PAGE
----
In this case, Palmenta raises a number of Fourth Amendment claims, including false arrest, arrest without probable cause, false imprisonment, and malicious prosecution. However, Palmenta cannot prevail on any of them because he has not alleged that his criminal proceedings from the November 16, 2016 arrest terminated in his favor. “Under Connecticut law and section 1983, a plaintiff must show that the prosecution terminated in his or her favor in order to state a claim of malicious prosecution or false arrest.” Jaynes, 2016 WL 1573442, *3; see also Poventud, 750 F.3d at 130 (malicious prosecution claims require as element that proceeding terminated in favor of accused); Torres, 2015 WL 1442722, *5 (granting summary judgment on false arrest and false imprisonment claims for failure to show that criminal proceedings terminated in claimant's favor); Marshall v. U.S. Postal Inspection Service, No. 3:08-cv-1889 (JCH), 2016 WL 10571889, *5 (D. Conn. Nov. 7, 2016) (“Wrongful arrest or prosecution, if proven, would invalidate any conviction resulting from that arrest or prosecution”); Cartier v. Lussier, No. H-88-739 (AHN), 1990 WL 308156, *5 n.4 (D. Conn. Oct. 4, 1990) (claim of arrest without probable cause not recognized under Connecticut law; rather, it is element of malicious prosecution claim), overruled on other grounds, 955 F.2d 841 (2d Cir. 1992). Because the record in this case shows that Palmenta pleaded guilty to the charges stemming from the November 16, 2016 arrest, and he has not alleged otherwise, his Fourth Amendment claims are subject to dismissal under Heck.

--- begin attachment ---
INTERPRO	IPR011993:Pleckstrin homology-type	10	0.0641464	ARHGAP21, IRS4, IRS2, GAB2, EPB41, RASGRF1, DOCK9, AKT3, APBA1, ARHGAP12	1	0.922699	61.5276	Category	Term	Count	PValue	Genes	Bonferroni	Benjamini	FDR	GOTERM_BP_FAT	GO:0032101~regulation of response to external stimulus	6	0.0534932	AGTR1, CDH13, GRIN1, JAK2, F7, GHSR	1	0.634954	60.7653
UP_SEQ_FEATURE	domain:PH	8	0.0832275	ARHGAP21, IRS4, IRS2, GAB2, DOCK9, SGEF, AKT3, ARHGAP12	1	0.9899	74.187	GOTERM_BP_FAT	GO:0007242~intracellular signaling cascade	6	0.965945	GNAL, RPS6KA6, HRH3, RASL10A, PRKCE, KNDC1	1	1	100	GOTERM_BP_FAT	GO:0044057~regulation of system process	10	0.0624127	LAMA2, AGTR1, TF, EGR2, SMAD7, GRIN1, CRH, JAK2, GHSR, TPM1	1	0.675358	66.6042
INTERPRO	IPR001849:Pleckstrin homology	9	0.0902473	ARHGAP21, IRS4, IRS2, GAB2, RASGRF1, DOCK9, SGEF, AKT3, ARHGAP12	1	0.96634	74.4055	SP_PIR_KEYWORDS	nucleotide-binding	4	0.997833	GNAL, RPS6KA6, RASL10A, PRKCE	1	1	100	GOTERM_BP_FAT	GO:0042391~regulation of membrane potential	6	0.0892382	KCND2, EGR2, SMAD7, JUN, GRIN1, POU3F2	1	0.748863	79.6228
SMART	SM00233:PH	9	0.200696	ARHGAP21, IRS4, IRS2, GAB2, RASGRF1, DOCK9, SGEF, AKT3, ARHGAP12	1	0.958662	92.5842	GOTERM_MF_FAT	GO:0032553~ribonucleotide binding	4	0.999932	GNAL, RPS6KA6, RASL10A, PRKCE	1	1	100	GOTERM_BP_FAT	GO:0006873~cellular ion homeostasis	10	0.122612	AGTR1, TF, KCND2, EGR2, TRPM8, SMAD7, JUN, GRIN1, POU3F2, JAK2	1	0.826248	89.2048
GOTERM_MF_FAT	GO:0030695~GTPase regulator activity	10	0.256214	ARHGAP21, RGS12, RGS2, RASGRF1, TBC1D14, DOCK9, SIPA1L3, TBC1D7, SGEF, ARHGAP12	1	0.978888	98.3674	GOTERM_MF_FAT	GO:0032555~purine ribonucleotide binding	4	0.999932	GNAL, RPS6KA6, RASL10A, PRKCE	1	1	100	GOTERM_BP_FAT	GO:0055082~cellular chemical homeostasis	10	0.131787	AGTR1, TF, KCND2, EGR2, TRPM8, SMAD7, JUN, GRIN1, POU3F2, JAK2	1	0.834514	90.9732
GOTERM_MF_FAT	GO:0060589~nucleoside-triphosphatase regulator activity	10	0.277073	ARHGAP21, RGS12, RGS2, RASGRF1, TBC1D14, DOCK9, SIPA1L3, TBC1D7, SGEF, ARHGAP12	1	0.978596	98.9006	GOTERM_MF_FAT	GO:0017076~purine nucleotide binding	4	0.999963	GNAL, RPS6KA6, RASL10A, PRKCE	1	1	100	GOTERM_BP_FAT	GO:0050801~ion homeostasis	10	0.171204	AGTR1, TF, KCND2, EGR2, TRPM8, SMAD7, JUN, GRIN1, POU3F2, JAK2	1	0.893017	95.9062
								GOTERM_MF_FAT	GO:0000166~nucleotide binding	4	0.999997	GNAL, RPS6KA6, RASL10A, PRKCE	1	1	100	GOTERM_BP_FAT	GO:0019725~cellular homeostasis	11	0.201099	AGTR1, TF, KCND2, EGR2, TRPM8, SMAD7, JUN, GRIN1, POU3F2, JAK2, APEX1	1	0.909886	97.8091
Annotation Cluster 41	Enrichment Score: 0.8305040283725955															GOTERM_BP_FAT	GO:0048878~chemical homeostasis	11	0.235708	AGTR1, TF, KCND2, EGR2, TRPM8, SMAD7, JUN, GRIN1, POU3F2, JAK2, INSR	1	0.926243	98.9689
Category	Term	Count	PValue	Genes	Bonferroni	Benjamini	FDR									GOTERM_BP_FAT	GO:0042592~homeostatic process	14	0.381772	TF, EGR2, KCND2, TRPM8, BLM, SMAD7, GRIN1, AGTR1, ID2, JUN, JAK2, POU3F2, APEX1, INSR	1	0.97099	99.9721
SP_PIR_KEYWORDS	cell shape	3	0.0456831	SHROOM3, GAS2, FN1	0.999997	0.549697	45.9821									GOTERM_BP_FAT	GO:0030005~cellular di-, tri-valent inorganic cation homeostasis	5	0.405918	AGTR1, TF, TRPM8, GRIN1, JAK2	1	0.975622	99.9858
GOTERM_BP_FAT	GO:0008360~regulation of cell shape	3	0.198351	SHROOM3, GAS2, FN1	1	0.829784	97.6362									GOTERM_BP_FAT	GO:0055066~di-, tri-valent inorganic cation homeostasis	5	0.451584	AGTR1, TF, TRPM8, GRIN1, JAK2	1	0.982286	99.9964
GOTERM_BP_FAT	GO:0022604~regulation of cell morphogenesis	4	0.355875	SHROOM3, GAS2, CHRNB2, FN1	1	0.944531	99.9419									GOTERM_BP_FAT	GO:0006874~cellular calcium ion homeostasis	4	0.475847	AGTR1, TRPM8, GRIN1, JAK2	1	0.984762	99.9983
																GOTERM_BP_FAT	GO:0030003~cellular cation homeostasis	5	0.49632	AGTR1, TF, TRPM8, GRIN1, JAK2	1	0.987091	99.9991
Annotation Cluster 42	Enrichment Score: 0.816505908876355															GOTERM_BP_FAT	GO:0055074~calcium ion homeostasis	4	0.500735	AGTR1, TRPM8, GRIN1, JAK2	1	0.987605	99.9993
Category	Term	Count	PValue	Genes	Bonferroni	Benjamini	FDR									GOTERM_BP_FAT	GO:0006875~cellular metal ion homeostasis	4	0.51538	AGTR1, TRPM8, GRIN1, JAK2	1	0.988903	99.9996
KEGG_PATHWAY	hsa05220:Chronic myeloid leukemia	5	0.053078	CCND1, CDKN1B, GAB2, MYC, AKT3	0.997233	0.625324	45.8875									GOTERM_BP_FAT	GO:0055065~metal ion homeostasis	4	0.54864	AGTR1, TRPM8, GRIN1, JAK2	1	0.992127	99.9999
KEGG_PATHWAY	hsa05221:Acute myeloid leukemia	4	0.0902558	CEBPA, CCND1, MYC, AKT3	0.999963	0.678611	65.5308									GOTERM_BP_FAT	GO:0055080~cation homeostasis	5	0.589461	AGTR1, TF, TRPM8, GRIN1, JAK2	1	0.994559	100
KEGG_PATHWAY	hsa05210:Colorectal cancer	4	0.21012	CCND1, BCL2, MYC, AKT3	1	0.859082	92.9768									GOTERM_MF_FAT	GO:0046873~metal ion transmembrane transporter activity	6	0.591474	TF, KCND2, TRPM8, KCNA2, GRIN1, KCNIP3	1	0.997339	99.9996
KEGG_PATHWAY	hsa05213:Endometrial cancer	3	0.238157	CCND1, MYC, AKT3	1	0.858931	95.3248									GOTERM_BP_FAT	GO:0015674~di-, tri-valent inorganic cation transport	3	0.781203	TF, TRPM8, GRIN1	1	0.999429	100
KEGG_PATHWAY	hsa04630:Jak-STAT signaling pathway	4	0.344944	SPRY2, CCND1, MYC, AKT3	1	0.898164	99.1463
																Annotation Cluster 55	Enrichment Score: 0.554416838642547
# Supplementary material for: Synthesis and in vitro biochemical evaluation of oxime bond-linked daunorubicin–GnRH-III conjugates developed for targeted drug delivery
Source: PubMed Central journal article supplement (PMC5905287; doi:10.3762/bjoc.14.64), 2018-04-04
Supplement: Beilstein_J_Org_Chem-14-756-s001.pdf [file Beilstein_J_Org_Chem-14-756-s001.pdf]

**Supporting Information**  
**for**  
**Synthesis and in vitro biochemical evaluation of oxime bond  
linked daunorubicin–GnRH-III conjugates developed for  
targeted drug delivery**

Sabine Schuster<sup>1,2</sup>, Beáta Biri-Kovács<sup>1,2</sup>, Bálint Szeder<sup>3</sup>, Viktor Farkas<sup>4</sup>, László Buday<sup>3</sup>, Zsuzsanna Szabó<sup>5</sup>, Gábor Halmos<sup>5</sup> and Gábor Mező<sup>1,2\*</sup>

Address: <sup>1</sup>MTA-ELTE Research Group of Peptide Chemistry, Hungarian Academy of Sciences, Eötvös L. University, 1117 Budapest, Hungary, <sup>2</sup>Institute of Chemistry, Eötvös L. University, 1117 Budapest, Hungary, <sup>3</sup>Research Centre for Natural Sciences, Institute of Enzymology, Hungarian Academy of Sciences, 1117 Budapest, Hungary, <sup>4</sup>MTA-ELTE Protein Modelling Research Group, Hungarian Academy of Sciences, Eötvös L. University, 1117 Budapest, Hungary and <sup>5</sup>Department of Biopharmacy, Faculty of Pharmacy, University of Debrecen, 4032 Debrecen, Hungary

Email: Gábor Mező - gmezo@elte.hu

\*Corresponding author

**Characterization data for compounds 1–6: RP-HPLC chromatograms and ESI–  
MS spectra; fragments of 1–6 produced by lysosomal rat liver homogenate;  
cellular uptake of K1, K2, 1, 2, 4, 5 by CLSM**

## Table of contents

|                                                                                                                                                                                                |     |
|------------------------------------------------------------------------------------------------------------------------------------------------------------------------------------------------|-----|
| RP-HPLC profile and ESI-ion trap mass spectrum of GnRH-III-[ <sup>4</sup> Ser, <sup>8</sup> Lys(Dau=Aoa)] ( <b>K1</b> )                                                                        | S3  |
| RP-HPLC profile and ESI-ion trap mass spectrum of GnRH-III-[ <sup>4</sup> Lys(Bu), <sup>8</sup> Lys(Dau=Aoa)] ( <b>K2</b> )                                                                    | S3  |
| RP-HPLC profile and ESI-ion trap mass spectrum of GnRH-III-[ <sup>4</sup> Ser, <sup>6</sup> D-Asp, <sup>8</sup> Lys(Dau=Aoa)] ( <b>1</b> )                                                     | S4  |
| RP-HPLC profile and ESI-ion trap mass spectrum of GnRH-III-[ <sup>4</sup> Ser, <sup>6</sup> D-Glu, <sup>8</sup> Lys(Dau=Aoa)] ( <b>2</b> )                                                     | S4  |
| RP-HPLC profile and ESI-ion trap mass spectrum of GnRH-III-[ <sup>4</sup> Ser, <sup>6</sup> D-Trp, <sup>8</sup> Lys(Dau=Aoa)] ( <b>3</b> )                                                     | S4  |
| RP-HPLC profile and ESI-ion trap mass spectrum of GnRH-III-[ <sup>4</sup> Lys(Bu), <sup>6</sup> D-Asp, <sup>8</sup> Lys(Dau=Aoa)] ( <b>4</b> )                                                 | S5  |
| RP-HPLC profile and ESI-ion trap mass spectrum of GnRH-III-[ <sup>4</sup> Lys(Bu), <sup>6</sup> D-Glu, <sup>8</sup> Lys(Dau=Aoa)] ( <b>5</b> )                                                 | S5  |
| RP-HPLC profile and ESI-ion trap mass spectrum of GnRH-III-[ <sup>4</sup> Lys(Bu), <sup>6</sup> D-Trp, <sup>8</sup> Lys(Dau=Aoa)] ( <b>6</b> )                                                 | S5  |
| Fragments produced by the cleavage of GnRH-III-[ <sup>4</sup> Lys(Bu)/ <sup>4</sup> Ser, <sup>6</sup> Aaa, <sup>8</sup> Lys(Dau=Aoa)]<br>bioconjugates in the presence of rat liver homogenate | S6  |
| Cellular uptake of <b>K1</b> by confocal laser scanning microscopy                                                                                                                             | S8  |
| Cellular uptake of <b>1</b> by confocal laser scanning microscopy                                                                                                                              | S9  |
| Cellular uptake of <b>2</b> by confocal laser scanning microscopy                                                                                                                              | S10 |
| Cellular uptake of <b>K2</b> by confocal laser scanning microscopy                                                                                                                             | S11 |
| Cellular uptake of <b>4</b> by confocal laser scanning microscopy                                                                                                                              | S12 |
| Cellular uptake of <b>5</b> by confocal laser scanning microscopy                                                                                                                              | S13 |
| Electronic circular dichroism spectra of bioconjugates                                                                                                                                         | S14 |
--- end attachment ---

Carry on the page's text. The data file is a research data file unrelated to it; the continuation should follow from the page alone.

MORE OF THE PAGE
Palmenta argues that Heck does not apply to his claims because his six-month sentence for the attempted criminal mischief and attempted criminal trespass expired on September 22, 2017, and therefore, he no longer has the option of pursuing habeas corpus or any other form of post-conviction relief in state court. Compl. at 6. The Second Circuit has not fully addressed the issue whether there exists an exception to Heck when the claimant brings a section 1983 action at a time when he is longer in custody. See Teichmann v. New York, 769 F.3d 821, 825 (2d Cir. 2014); Opperisano v. P.O. Jones, 286 F.Supp.3d 450, 459-60 (E.D.N.Y. 2018). “[N]o Circuit court, including the Second Circuit, has yet to allow unfettered access to section 1983 claims solely because of a present inability to obtain habeas relief.” Opperisano, 286 F.Supp.3d at 460 (emphasis in original; citing Teichmann, 769 F.3d at 830). Many courts in this Circuit have permitted such claims when the claimant either was unable to pursue habeas relief, despite due diligence, or was in custody for too brief a period of time to pursue habeas relief as a matter of law. See Id. at 459-60. In this case, it appears that Palmenta's sentences for the convictions stemming from the November 16, 2016 arrest have expired. However, he fails to explain why he never sought any relief in state court either by way of direct appeal or habeas corpus. Although his term of imprisonment for the crimes may have ...